The Ichsma people had been living in the area until the Incas conquered them in the 15th century. This would explain the confusion in pronunciation when the Spanish arrived soon after. The Spanish used the local pronunciation while dropping the “Q” to flow better in Spanish.
Ancient civilizations thrived in and around present-day Lima as far back as 7500 BCE. Archeologists have excavated impressive sites in Caral, El Paraiso, and along the Río Chillón. In fact, these sites are among the oldest remnants of human presence in South America.
When the Incas arrived at the Rímac River Valley, the Ichsma culture had control over the region. The Incas conquered them in the 15th century. They then absorbed their territory into the Inca Empire. The Incas allowed the remaining Ichsma people to govern themselves. However, they were made to pay tributes to the emperor in Cusco.
The Spanish conquistadors arrived soon after to conquer the Inca Empire. Francisco Pizarro and his men defeated the Inca ruler Atahualpa in 1532. On January 18th, 1535, Pizarro founded the city of Lima. It was also named Ciudad de Los Reyes, meaning "City of Kings." This name comes from the fact that its founding was soon after the festival of the Three Wise Men (January 6th). In 1543, it became the capital of the Viceroyalty of Peru.
The Spanish Viceroy of Peru ruled the wider territory from Lima until 1821. In the early 19th century, wars for independence broke out in the south of the continent. Peru was one of the last territories to fight for independence. The liberating army, led by General José de San Martin, clashed with the loyalist army in Lima. San Martin defeated the loyalists and declared Peruvian independence on July 28th, 1821.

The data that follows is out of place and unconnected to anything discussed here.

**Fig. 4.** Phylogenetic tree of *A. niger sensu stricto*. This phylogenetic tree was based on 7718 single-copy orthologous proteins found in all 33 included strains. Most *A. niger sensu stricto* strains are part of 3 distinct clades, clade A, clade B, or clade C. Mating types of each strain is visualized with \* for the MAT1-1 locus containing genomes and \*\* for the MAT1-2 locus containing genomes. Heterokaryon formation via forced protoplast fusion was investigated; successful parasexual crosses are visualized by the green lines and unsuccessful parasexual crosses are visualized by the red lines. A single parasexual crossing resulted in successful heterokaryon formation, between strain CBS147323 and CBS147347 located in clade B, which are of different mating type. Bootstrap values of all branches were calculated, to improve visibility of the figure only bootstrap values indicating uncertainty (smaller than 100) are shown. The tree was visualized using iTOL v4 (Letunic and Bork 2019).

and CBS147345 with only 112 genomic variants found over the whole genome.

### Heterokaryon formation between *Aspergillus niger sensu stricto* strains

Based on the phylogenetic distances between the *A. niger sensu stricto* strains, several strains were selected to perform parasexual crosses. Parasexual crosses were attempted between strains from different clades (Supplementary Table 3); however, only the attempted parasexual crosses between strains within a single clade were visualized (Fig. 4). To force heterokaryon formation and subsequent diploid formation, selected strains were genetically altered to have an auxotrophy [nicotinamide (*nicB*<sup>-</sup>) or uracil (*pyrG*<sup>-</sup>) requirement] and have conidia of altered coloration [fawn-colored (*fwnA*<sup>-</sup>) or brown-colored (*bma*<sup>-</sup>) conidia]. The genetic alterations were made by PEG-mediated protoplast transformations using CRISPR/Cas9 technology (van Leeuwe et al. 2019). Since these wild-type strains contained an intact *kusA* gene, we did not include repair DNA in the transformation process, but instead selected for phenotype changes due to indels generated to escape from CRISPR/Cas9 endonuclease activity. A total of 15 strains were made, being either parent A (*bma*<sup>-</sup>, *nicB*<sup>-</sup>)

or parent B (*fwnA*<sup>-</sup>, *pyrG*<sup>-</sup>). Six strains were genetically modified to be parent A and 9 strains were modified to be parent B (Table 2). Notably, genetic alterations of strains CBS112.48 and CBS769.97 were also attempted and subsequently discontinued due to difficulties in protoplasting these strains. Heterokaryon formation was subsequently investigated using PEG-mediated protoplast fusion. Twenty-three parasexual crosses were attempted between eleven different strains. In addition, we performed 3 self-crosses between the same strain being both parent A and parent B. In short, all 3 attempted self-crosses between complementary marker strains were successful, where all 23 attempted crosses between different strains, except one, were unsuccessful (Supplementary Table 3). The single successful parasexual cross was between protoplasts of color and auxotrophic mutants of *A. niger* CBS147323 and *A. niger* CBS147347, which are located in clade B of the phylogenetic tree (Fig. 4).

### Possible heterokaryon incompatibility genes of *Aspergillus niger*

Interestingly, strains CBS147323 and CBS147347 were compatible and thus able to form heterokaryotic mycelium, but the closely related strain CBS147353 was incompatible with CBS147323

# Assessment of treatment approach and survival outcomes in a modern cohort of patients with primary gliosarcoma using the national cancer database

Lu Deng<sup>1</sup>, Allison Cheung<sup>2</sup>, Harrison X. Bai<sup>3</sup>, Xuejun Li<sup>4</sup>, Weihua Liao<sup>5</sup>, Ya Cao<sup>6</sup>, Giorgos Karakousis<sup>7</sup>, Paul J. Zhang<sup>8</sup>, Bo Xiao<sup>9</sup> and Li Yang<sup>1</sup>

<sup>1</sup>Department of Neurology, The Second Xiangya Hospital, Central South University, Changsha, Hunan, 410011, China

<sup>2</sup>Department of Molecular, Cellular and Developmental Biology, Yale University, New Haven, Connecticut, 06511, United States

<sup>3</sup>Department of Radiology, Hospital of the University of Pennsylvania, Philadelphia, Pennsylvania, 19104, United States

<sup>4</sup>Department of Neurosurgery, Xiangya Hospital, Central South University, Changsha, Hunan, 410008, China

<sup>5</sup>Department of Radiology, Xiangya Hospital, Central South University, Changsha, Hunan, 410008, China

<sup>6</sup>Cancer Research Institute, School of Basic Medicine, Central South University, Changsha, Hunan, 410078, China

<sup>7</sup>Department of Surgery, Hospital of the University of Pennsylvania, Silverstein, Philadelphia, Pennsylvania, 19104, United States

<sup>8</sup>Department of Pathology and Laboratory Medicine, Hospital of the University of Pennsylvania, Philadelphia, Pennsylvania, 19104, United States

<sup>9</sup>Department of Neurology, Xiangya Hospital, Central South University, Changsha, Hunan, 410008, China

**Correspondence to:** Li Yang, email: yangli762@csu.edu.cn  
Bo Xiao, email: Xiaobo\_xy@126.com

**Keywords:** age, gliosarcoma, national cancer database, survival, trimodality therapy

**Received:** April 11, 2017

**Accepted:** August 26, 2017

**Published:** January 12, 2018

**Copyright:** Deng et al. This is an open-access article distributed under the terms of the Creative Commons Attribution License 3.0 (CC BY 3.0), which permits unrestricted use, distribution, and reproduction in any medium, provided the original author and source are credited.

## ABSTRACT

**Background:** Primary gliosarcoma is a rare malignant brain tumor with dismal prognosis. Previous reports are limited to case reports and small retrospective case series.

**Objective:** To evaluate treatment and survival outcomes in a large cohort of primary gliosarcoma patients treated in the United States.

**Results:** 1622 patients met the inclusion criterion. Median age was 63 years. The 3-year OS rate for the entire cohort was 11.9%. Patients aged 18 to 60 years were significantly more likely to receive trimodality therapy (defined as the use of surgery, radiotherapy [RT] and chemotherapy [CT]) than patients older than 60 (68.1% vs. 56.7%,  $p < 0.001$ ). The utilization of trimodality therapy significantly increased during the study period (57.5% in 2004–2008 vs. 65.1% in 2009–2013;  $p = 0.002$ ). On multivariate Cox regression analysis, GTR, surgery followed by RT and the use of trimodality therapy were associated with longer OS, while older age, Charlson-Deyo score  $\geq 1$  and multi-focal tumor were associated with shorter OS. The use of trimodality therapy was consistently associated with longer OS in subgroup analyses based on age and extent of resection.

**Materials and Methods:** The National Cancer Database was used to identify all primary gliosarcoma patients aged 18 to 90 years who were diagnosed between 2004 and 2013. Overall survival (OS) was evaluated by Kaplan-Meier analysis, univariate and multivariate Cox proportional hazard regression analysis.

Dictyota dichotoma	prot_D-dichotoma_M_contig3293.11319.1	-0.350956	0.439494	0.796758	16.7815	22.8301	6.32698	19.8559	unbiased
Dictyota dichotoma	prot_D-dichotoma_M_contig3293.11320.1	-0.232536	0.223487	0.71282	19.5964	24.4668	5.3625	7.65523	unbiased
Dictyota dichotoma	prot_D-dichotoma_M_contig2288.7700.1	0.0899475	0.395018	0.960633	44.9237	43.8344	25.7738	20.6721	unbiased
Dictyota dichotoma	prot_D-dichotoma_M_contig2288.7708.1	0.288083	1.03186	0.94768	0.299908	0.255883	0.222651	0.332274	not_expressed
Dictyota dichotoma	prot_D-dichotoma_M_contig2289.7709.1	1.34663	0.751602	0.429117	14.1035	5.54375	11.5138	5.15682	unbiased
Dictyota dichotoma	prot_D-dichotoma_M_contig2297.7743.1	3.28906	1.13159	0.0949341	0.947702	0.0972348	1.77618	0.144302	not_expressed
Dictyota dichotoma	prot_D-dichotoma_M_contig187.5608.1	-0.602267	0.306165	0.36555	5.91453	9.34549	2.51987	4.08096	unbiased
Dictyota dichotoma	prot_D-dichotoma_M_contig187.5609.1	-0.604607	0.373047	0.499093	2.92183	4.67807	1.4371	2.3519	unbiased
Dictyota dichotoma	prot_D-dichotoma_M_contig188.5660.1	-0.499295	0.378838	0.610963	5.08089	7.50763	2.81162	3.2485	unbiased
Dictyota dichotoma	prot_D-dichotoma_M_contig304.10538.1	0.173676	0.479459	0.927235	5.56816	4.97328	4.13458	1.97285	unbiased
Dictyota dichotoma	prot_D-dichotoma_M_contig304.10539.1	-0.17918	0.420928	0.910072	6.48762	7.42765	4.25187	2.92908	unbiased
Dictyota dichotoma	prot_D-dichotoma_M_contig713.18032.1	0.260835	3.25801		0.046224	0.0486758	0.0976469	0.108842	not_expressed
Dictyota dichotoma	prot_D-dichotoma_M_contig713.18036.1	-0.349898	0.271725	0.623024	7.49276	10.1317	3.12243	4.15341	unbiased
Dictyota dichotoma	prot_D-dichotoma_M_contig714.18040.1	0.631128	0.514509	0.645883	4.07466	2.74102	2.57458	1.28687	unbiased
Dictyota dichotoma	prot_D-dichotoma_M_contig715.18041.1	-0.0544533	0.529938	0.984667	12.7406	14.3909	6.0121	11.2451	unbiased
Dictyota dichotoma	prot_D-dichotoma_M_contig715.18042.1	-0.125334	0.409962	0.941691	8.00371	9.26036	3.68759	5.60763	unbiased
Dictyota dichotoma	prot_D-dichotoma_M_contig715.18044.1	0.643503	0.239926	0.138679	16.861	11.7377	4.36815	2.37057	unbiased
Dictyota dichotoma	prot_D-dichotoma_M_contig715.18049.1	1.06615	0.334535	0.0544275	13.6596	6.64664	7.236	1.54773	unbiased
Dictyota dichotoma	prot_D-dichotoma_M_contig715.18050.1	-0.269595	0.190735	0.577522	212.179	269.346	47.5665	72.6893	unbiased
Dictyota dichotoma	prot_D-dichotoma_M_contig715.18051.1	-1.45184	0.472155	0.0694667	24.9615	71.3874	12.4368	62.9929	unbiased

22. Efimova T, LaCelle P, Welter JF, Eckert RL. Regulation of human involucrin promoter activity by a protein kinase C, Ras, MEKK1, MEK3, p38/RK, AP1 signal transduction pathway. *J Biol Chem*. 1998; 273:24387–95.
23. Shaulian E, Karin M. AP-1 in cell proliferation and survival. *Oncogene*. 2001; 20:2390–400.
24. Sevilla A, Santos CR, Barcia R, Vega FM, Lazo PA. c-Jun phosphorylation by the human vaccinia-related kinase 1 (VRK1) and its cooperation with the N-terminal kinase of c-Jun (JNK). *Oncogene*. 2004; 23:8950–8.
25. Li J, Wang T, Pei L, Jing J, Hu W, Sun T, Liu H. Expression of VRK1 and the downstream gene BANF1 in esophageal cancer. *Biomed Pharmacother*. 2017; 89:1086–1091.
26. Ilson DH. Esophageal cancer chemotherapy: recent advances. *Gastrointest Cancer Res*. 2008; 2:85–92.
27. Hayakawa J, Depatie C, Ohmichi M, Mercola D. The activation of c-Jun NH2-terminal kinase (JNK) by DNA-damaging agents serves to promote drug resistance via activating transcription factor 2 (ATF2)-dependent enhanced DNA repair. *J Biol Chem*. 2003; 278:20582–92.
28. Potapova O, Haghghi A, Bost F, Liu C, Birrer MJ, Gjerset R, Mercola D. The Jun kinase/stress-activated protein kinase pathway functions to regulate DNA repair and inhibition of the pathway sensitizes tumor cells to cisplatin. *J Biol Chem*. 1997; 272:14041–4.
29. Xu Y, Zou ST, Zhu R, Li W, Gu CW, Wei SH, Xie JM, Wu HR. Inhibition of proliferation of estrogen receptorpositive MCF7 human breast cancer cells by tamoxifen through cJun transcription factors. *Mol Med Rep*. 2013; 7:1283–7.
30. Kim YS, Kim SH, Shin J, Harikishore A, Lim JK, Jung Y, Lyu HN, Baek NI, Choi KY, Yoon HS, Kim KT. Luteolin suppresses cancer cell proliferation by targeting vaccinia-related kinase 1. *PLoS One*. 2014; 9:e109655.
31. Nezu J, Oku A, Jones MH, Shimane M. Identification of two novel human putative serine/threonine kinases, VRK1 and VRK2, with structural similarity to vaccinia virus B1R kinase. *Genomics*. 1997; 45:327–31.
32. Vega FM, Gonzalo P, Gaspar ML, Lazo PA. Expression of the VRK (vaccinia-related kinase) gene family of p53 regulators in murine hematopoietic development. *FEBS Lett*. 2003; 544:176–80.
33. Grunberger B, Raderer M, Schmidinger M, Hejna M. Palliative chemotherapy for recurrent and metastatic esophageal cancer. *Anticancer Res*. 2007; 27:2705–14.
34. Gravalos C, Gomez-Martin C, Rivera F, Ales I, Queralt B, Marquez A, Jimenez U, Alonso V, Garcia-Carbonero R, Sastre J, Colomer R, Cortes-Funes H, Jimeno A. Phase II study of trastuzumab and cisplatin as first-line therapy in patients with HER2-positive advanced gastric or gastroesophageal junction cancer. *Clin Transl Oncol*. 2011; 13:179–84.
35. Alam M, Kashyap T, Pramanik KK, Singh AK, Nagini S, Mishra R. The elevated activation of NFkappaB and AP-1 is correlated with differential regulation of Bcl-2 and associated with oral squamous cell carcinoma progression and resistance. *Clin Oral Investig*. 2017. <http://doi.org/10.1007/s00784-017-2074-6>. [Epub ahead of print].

The territory then became the Republic of Peru, and Lima remained the capital. The fledgling country struggled at first, but gained greater economic power in the mid 19th century with the help of guano exports. From 1879–1883, the War of the Pacific between Peru and Chile ravaged the city. Lima went through an impressive era of reconstruction into the early 20th century. Around this time, Lima saw waves of Asian immigrants, too.
Lima grew rapidly during the 20th century with waves of migrants flocking to the city from rural areas. These migrants were all seeking better economic opportunities in the city. There were also waves of mass migration during the years of terrorism in the late 80s and early 90s. Lima was mostly unaffected by this violent period.
In the last several decades, Peru has made great strides in the tourism sector. Although most of the focus has been on Cusco and Machu Picchu, Lima has witnessed development, too. The city has become well-known for its historic sites and monuments. Tourists also come to visit the renowned Larco Museum, ancient pyramids, and historic center.